Microcantilever beam that we considered is modeled as a spring-mass system as shown in
Fig.3.2 by considering damping into account.
16
k
cv
c(y)
M
Fe
Fig.3.2 Pictorial representation of spring-mass model (m=ρAL, k=ω1m)
Electrostatic actuation is provided for the spring-mass system and so the developed electrostatic
force ‘Fe’ is responsible for the mass to come into motion. The spring-mass model internally has
the structural resistance which acts in the direction opposite to the motion of the mass. Not only
the structural resistance i.e. stiffness of the microbeam, but also the damping [c(y)+cv] that
opposes the motion of the mass. Damping in microstructures is also of special interest in the
dynamic analysis of microbeams. The system which we consider posses both squeeze-film c(y)
as well as viscous damping (cv). Squeeze film damping is an important source of extrinsic
damping. One of the important issues in MEMS modeling is simulation and characterization of
the interaction between the vibrational structure with squeezed fluid between the structure and
the substrate. When the system is undergoing the vibration, squeeze film damping starts acting. It
occurs due to resistance of the viscous fluid present in between the beam and substrate. Squeeze
film damping is dependent on the air-pressure (p0) between substrate and beam surface.
Corresponding to the particular pressure in the system the beam amplitude and behavior of
system as well varies. This interaction of Squeeze-Film damping in microstructures strongly
affects their characteristics especially their dynamic behavior. Thus, the system under study
possesses these damping forces apart from the non-linear electrostatic force. Following section
deals with the mathematical equations of motion and their dimensionless form.
The microcantilever beam that we considered is modeled as a spring-mass system as
shown in Fig.3.2 by considering damping into account. Electrostatic actuation is provided for the
17
spring-mass system and so the developed electrostatic force ‘Fe’ is responsible for the mass to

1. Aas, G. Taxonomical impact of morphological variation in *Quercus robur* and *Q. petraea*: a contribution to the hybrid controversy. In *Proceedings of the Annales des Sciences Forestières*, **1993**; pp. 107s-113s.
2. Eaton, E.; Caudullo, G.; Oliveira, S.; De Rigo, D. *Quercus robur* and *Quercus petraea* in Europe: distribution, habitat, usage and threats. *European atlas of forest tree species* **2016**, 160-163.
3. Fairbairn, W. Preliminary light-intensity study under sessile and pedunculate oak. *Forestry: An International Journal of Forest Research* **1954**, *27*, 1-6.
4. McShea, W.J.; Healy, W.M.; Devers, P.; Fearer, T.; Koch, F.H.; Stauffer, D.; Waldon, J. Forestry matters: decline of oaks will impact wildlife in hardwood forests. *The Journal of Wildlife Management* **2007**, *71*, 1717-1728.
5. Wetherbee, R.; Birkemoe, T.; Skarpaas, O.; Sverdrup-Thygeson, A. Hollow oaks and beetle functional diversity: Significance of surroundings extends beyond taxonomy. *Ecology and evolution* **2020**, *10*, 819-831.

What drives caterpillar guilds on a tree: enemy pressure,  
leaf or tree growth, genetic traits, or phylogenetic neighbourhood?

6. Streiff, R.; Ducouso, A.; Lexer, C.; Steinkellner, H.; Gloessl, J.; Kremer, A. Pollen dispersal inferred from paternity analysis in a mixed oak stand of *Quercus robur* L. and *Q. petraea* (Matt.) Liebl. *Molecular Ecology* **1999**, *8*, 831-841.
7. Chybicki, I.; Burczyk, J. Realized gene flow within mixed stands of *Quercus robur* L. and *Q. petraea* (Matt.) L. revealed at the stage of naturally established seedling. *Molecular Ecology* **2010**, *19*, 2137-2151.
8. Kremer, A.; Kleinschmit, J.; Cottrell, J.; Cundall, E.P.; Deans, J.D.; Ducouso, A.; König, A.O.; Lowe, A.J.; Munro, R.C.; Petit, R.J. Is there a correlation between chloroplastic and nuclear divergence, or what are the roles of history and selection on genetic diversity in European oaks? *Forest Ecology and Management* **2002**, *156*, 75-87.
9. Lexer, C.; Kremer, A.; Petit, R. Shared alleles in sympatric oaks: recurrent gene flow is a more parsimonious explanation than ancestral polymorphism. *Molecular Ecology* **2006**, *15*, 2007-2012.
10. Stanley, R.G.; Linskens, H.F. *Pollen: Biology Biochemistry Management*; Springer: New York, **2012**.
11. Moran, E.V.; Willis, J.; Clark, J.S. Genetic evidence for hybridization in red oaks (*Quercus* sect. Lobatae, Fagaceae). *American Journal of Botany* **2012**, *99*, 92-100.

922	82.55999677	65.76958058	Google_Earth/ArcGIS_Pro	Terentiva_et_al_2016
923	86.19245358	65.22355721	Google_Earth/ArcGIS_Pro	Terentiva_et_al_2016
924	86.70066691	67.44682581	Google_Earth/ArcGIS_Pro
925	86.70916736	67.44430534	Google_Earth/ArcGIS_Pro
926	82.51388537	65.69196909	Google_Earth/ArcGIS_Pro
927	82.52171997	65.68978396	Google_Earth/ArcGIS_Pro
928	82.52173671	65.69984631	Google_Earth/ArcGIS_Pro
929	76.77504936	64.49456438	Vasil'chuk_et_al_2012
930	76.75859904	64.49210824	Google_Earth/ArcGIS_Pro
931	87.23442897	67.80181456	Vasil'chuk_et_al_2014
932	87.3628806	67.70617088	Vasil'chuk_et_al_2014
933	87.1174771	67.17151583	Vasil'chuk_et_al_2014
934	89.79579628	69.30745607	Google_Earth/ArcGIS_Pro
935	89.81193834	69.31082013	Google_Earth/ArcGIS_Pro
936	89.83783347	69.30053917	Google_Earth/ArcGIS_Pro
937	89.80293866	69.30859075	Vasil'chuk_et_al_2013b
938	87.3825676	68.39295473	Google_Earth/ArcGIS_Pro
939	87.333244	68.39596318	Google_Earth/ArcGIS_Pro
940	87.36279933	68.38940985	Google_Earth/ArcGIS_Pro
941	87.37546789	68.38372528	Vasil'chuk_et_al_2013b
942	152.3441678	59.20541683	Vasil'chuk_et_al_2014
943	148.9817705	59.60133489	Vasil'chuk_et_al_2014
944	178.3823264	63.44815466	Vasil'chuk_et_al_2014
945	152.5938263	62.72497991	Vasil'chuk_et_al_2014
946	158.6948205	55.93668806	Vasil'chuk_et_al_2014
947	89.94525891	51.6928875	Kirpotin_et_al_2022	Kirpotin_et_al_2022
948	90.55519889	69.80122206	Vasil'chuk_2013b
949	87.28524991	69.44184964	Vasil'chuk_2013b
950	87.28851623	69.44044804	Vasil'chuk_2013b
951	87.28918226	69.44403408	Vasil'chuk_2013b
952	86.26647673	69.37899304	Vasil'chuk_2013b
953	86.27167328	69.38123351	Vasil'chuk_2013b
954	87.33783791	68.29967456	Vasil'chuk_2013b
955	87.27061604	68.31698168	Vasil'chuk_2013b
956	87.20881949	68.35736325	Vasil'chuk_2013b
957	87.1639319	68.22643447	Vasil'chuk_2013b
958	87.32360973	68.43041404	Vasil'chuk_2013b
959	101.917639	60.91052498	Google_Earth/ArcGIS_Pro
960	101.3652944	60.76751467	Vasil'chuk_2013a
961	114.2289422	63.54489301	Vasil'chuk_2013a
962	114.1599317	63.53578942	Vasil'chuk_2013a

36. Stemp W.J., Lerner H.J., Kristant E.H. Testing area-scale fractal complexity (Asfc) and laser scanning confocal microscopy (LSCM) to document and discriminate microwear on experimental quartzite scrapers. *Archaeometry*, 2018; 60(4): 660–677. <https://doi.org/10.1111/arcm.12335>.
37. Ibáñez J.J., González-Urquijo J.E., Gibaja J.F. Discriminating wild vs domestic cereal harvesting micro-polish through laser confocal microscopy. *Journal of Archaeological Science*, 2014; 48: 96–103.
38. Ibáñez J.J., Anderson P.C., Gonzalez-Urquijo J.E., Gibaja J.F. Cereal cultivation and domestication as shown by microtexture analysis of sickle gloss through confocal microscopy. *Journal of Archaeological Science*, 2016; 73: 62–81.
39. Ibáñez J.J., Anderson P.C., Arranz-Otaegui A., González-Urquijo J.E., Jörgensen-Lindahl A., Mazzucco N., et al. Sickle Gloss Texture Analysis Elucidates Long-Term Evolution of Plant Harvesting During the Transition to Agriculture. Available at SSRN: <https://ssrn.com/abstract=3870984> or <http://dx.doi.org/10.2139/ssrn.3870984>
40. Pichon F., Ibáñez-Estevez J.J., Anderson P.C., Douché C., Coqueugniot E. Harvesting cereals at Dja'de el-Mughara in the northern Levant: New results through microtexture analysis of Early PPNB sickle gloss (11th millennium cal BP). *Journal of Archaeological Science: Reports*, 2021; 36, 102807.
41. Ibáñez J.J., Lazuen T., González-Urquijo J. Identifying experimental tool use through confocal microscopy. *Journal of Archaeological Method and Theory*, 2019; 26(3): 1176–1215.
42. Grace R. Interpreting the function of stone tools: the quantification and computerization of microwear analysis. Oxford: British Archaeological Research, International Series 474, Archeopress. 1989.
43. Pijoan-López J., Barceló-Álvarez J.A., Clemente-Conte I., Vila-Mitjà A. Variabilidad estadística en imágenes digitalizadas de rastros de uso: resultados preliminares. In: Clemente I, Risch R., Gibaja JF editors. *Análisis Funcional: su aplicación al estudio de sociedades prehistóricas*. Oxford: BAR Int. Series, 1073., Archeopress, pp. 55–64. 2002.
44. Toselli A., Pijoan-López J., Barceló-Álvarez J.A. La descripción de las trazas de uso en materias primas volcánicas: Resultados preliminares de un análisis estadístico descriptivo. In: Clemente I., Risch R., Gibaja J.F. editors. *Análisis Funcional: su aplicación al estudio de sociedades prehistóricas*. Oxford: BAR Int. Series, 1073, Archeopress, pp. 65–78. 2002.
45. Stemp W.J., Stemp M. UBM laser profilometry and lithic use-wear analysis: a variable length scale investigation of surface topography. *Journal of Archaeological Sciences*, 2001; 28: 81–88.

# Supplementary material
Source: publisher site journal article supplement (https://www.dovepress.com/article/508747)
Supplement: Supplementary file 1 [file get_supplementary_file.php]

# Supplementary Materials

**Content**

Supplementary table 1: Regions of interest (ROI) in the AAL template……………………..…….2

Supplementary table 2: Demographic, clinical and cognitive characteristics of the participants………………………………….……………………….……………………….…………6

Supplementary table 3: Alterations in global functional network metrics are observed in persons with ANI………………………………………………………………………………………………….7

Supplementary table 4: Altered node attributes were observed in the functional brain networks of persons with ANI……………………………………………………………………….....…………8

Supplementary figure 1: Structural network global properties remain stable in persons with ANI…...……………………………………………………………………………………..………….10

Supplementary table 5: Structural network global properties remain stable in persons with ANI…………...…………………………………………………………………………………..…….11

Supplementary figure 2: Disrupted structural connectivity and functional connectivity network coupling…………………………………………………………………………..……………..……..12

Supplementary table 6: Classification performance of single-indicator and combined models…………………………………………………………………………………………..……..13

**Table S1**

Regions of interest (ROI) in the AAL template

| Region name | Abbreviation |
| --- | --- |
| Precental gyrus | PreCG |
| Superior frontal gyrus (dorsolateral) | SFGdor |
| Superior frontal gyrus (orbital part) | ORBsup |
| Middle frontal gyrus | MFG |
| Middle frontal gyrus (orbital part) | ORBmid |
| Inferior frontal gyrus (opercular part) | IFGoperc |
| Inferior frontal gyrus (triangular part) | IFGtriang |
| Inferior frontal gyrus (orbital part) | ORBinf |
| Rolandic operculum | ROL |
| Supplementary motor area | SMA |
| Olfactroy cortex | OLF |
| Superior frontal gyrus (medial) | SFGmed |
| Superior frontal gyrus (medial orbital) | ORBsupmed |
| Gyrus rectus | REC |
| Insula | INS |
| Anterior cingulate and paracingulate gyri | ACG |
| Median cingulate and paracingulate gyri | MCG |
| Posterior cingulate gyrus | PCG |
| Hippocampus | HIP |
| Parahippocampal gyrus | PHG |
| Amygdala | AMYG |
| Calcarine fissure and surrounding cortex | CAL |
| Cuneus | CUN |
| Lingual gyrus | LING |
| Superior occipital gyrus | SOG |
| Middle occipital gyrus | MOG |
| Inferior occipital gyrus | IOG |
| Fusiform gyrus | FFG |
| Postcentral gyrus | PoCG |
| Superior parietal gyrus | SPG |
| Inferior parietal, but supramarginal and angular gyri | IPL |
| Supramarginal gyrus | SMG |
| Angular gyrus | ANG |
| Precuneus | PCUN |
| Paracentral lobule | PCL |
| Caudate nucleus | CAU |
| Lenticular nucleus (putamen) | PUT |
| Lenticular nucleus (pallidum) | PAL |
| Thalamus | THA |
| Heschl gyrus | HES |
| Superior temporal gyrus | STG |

come into motion. The spring-mass model internally has the structural resistance which acts in
the direction opposite to the motion of the mass. Not only the structural resistance i.e. stiffness of
the microbeam, but also the damping [c(y)+cv] that opposes the motion of the mass. Damping in
microstructures is also of special interest in the dynamic analysis of microbeams. The system
which we consider posses both squeeze-film c(y) as well as viscous damping (cv). Squeeze film
damping is an important source of extrinsic damping. One of the important issues in MEMS
modeling is simulation and characterization of the interaction between the vibrational structure
with squeezed fluid between the structure and the substrate. When the system is undergoing the
vibration, squeeze film damping starts acting. It occurs due to resistance of the viscous fluid
present in between the beam and substrate. Squeeze film damping is dependent on the
air-pressure between substrate and beam surface. Corresponding to the particular pressure in the
system the beam amplitude and behavior of system as well varies. This interaction of SqueezeFilm damping in microstructures strongly affects their characteristics especially their dynamic
behavior. Thus the system under study posses these damping forces apart from the non-linear
electrostatic force.
3.1 Mathematical formulation of Equation of motion
The governing equation for a microcantilever beam resonator system subjected to electrostatic
force under viscous damping is given by:
!"#$
&
% If the squeeze-film damping affect is also considered then the above equation of motion is
modified as follows:
' ( !"#$
&
% The right hand term in the eqn.2.2 represents the electrostatic force required for the actuation.
This electrostatic force is denoted by ‘FE’. Here is permittivity of free space=8.8541878)
*+,F/m, is relative permittivity=1 for air, A=b)L is cross section, d is initial gap.
18
- .
01
!" #$ !"#$/
% 2 !"#$ !"#$3
% &&
3.2 Expression for squeeze-film damping
Damping in the system is of important concern and its effect is studied for designing a system.
Gas damping is the source of most MEMS and it is a strong function of viscosity. The absolute
viscosity ‘µ’ is the ratio of the shear stress ‘τ0’ between flow layers to the velocity gradient,
through the fluid channel. The nature of viscosity of a liquid and the gas are different. Viscosity
in liquid results from cohesion between adjacent molecules, but viscosity in a gas results from
intermolecular collisions within the gas. As the molecular collisions rate depends on temperature
in a gas, viscosity increases with temperature. In most of the macroscale engineering problems
viscosity is unaffected by the pressure variations. However, when the distance between the micro
beam and fixed substrate become comparable to the mean path (d ≈ λ), the viscosity becomes
sensitive to pressure variation. In this situation, molecular collisions rarely occur within the gas
layer and the momentum is directly transferred between the gas molecules and MEMS surface,
yielding a pressure-dependent viscosity.
Consider nonlinear Reynolds eq.
5% 6
482 5%&9
4 1
$
7
where 48 is pressure gradient, d is film thickness, 7 is absolute viscosity, 5 is gas density.
At low ambient pressure or in very thin films, molecular interactions with surfaces need to be
taken into account. The theory of rarefied gas flow developed by Knudsen (early 1900) is applied
here. Veijola has given a function that approximates the pressure and film width dependency of
viscosity in narrow gap. Based on different derivation considerations, one can get a different